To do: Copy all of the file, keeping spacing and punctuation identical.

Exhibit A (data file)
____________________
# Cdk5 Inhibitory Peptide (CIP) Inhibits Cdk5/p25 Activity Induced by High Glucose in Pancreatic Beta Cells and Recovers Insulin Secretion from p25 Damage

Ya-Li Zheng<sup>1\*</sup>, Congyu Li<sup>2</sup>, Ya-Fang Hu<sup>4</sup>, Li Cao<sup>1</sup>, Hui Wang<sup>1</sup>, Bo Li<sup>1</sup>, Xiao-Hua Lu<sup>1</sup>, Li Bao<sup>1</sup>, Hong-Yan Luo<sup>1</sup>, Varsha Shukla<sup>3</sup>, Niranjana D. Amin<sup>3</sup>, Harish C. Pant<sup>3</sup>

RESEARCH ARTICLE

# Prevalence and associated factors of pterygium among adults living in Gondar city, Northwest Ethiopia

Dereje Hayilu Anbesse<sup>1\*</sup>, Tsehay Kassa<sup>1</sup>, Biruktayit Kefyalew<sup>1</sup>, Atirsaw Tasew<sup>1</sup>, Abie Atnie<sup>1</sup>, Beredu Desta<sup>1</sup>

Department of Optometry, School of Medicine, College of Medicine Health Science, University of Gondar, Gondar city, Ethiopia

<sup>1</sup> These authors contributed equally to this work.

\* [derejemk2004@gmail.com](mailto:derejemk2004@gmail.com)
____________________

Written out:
# Cdk5 Inhibitory Peptide (CIP) Inhibits Cdk5/p25 Activity Induced by High Glucose in Pancreatic Beta Cells and Recovers Insulin Secretion from p25 Damage

Ya-Li Zheng<sup>1\*</sup>, Congyu Li<sup>2</sup>, Ya-Fang Hu<sup>4</sup>, Li Cao<sup>1</sup>, Hui Wang<sup>1</sup>, Bo Li<sup>1</sup>, Xiao-Hua Lu<sup>1</sup>, Li Bao<sup>1</sup>, Hong-Yan Luo<sup>1</sup>, Varsha Shukla<sup>3</sup>, Niranjana D. Amin<sup>3</sup>, Harish C. Pant<sup>3</sup>

RESEARCH ARTICLE

# Prevalence and associated factors of pterygium among adults living in Gondar city, Northwest Ethiopia

Dereje Hayilu Anbesse<sup>1\*</sup>, Tsehay Kassa<sup>1</sup>, Biruktayit Kefyalew<sup>1</sup>, Atirsaw Tasew<sup>1</sup>, Abie Atnie<sup>1</sup>, Beredu Desta<sup>1</sup>

Department of Optometry, School of Medicine, College of Medicine Health Science, University of Gondar, Gondar city, Ethiopia

<sup>1</sup> These authors contributed equally to this work.

\* [derejemk2004@gmail.com](mailto:derejemk2004@gmail.com)